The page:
The concept of “normalization” continues to have great resonance in discussions of Germany’s post-Cold War development, especially in the field of German foreign and security policy.¹ The notion that Germany’s foreign and security policies have or should become more “normal” also remains a potent theme in official discourse among policy makers in the pursuit of defining Germany’s international role. The purpose of this chapter is to appraise the notion of normalization in the context of developments in Germany’s post-1990 security policy and to consider its limitations and weaknesses in the face of what we call Germany’s prevailing strategic culture — a...

  8. 4: “Normalization” through Europeanization: The Role of the Holocaust
    (pp. 61-74)
    Lothar Probst

    Until the late 1990s it was quite clear to people in Europe that responsibility for the Holocaust was a purely German matter and that this responsibility determined Germany’s status as an “abnormal” nation. The following contribution will explore why and how this attitude has changed in recent years both within Germany and among its European neighbors. First, I will examine the ways in which the two German states tried to come to terms with their past in the period of German division. Second, I will look at the status of the Holocaust in present debates about identity in united Germany....

  9. 5: “Representing Normality”: Architecture in Berlin
    (pp. 75-88)
    Simon Ward

    Writing in a 2004 special issue of the architecture journal DISP devoted to Berlin, Brian Ladd concluded his tour of the “ghosts on display” by suggesting that:

    While there are sound [sic] reasons (economic and aesthetic, if not ideological) for banishing GDR buildings from many sites, the GDR’s legacy has not entirely vanished. There is, likewise, no danger that the Third Reich will be forgotten in Berlin. And it is entirely reasonable to argue that the entire city should not remain as a memorial to the destruction wrought by the twentieth century. Berliners, like the rest of us, may need...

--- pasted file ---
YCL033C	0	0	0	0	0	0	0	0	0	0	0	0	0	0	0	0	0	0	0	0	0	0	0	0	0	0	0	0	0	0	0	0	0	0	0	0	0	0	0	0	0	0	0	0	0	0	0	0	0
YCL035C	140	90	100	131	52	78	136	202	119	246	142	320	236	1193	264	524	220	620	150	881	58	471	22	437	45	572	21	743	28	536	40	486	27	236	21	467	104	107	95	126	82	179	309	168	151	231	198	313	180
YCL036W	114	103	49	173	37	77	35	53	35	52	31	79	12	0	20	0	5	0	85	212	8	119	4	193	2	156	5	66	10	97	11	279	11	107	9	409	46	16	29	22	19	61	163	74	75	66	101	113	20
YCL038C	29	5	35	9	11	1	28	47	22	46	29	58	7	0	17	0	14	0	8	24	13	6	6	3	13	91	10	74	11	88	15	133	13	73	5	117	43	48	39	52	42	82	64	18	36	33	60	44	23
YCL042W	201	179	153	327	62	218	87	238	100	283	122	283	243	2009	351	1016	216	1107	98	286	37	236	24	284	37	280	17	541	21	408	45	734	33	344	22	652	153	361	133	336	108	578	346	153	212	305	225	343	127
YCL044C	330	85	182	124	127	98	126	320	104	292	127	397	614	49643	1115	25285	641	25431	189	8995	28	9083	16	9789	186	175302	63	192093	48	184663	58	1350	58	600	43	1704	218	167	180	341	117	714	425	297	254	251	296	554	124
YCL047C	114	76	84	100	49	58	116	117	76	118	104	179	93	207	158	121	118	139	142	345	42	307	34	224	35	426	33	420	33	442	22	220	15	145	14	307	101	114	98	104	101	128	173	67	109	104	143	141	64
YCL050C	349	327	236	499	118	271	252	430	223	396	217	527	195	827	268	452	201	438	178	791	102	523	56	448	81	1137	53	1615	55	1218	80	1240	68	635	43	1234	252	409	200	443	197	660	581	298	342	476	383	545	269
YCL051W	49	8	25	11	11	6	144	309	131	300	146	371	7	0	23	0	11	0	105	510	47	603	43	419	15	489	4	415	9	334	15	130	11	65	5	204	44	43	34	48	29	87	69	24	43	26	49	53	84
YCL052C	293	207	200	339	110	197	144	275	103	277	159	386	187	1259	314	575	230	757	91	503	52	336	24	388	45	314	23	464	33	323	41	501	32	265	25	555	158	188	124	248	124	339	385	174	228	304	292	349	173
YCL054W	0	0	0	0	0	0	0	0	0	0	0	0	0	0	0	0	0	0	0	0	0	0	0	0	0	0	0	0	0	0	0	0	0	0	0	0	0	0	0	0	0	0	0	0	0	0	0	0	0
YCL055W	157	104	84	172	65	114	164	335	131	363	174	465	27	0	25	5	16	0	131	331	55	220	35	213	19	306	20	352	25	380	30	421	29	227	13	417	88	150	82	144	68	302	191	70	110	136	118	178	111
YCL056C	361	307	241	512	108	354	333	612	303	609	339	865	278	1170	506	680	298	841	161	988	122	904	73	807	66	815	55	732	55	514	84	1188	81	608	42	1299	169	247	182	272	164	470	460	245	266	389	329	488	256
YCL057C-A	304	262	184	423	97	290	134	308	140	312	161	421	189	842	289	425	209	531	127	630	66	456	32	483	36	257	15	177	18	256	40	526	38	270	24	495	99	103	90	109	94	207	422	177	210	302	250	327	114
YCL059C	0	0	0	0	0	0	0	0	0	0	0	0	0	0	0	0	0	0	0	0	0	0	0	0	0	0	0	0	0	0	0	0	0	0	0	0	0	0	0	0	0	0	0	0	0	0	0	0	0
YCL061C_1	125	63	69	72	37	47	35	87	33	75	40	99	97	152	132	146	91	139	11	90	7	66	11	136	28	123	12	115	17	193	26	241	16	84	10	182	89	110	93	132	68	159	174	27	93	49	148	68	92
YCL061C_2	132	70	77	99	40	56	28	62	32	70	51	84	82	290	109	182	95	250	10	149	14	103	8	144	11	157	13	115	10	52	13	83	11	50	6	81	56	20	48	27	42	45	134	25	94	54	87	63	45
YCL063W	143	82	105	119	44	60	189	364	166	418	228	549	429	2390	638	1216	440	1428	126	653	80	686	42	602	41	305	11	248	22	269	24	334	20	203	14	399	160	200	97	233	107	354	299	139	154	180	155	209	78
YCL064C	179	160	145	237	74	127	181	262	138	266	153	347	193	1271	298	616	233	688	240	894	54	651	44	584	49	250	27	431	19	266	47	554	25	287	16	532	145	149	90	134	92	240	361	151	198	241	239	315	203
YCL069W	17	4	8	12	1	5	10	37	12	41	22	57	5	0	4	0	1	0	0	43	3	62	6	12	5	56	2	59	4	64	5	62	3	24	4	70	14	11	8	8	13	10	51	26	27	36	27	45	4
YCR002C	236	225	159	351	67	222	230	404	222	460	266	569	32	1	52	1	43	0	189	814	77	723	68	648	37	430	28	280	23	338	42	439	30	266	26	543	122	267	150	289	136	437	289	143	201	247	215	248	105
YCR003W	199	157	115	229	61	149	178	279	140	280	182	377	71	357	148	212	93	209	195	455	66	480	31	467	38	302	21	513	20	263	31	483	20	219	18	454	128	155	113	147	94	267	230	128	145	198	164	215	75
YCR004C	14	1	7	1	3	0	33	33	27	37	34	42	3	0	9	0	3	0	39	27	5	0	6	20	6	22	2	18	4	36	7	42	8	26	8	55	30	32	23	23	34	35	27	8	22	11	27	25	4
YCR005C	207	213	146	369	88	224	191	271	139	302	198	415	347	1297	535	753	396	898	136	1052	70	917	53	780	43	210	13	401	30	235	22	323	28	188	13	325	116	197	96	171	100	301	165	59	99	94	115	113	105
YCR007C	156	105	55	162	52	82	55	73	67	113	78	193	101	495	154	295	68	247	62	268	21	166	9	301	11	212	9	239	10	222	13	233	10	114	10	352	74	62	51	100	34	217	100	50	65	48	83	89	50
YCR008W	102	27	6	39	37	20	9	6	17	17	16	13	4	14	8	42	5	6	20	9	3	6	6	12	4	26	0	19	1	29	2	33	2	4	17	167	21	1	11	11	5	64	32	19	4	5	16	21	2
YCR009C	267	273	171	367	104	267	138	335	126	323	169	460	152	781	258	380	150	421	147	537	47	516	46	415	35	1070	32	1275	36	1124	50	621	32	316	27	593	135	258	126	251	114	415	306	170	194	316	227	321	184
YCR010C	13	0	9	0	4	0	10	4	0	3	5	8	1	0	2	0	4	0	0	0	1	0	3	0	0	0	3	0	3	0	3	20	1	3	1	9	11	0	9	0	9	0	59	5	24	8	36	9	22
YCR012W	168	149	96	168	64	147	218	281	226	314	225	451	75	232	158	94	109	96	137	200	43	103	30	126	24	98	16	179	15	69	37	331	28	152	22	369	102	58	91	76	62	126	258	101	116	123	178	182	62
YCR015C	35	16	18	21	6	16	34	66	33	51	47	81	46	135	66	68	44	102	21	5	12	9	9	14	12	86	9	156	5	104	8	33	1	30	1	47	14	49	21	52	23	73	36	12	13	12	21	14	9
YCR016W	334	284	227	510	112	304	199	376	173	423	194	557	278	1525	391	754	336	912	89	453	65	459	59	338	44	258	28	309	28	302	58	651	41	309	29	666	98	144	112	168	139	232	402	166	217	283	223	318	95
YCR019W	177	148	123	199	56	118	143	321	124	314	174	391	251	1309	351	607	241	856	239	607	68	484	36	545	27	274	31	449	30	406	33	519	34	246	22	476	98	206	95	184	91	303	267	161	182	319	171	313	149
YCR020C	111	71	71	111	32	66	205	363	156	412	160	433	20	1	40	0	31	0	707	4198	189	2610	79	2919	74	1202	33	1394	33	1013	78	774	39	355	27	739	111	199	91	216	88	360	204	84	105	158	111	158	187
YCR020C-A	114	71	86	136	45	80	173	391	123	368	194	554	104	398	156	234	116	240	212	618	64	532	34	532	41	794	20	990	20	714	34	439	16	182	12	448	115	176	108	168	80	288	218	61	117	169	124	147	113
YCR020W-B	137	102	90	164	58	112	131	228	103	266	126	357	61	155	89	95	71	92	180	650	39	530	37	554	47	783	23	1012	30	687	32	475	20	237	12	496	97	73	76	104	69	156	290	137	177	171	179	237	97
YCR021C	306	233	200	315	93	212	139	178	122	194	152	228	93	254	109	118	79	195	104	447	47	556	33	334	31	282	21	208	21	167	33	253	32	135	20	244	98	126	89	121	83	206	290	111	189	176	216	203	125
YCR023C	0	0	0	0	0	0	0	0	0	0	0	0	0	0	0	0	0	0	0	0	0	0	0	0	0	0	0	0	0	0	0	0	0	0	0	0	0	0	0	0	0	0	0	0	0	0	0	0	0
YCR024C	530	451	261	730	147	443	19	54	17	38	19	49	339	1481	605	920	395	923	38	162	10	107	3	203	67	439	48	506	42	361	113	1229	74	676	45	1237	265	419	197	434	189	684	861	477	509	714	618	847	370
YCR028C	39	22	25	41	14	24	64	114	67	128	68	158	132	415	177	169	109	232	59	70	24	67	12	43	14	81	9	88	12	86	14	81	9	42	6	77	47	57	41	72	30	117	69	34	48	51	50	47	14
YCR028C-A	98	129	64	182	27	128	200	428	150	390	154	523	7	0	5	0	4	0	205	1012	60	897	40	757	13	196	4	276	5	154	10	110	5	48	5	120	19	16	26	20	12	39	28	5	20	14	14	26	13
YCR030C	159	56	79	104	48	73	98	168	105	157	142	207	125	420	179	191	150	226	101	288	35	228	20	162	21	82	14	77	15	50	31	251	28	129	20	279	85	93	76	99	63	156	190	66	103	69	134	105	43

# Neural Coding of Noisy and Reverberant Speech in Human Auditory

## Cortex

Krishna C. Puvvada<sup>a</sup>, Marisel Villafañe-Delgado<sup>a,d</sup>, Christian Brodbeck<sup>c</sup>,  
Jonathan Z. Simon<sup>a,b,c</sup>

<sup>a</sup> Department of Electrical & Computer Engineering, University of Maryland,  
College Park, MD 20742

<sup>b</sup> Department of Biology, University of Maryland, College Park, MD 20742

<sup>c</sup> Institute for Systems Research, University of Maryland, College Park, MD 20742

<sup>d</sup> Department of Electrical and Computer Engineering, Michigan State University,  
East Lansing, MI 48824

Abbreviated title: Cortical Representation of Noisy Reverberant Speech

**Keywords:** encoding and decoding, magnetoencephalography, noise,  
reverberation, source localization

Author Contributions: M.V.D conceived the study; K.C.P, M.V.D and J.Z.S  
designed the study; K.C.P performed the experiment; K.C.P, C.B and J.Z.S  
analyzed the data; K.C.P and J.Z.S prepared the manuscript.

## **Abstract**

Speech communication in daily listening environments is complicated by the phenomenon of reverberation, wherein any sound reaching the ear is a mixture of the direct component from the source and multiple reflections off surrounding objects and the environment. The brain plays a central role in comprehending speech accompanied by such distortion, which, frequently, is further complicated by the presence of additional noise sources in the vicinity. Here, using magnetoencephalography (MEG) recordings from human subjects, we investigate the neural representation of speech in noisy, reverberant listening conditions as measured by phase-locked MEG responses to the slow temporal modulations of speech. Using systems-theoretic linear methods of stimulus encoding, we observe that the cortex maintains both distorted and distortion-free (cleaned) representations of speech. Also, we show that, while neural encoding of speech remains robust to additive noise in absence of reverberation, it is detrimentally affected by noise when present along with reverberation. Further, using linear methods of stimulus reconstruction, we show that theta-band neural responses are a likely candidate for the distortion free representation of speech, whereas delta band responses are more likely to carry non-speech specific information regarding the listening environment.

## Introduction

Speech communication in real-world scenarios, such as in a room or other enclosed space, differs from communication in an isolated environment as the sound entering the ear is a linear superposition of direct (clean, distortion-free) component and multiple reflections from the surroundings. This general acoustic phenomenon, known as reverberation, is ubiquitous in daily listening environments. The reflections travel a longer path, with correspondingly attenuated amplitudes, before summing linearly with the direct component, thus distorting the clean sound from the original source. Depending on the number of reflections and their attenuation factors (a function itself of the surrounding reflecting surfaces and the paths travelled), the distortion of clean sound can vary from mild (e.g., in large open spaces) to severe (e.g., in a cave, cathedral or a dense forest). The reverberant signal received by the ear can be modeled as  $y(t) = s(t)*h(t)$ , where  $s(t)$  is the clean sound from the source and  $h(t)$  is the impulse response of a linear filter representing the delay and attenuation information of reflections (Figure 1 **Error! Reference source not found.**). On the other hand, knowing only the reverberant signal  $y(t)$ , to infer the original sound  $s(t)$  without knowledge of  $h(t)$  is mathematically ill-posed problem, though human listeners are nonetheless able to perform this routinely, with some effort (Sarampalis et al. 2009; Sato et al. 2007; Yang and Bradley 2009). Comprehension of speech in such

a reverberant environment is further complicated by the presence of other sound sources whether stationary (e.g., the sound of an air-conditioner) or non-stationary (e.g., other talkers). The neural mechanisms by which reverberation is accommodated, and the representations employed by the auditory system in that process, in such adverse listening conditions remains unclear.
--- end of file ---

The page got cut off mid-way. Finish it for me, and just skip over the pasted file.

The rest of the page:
10. 6: “Normalizing” the Past: East German Culture and Ostalgie
    (pp. 89-104)
    Anna Saunders

    Over thirteen years after the fall of the Berlin Wall, united Germany became engulfed by a wave of Ostalgie: nostalgia for the former GDR. In the aftermath of Wolfgang Becker’s internationally acclaimed box-office hit Good Bye, Lenin! in 2003, not only were plans for a GDR theme park unveiled, but popular Ostalgie publications swamped bookstores, internet sites such as Ossi Versand and Ossiladen expanded exponentially, and shops scattered throughout Berlin, but also as far afield as Munich and Stuttgart, now offer a wide range of products, from Zetti chocolate bars to T-shirts sporting SED slogans, Ost Rock compilation CDs and...

  11. 7: National Memory’s Schlüsselkinder: Migration, Pedagogy, and German Remembrance Culture
    (pp. 105-120)
    Annette Seidel Arpaci

    In his lecture “Erziehung nach Auschwitz,” broadcast on Hessischer Rundfunk in 1966, Theodor Adorno postulated that political education should be centered on ensuring “daß Auschwitz sich nicht wiederhole.”¹ In pedagogic debates, “Erziehung nach Auschwitz” is regarded as the foundation for post-1968 conceptions of education and socialization in Germany.² Adorno, who had remigrated to Germany in 1949, had obviously not considered that the so-called guest workers, Gastarbeiter, arriving since the late 1950s, were coming to stay. If Adorno had anticipated this development, would his lecture have been written any differently? Or is it more likely that even then it would not...

  12. 8: The Return of “Undead” History: The West German Terrorist as Vampire and the Problem of “Normalizing” the Past in Margarethe von Trotta’s Die bleierne Zeit (1981) and Christian Petzold’s Die innere Sicherheit (2001)
    (pp. 121-136)
    Chris Homewood

    That by the end of the 1990s “normalization” had become the uncontested buzzword of the decade is perhaps surprising, given that its inception was viewed with such suspicion, particularly by many on the left who attributed it to a perceived “desire to play down the centrality of the Nazi past in order to mitigate German guilt and instil national pride,” to quote Stuart Taberner.¹ Nonetheless, by the turn of the millennium Gerhard Schröder’s Red-Green coalition had successfully appropriated the term, promoting a view of “normalization” that sought to reincorporate the Nazi past into the sociopolitical consciousness of the Berlin Republic...

  13. 9: “Normalizing” the “Old” Federal Republic? The FRG between 1949 and 1989 in Recent German Fiction
    (pp. 137-150)
    Andrew Plowman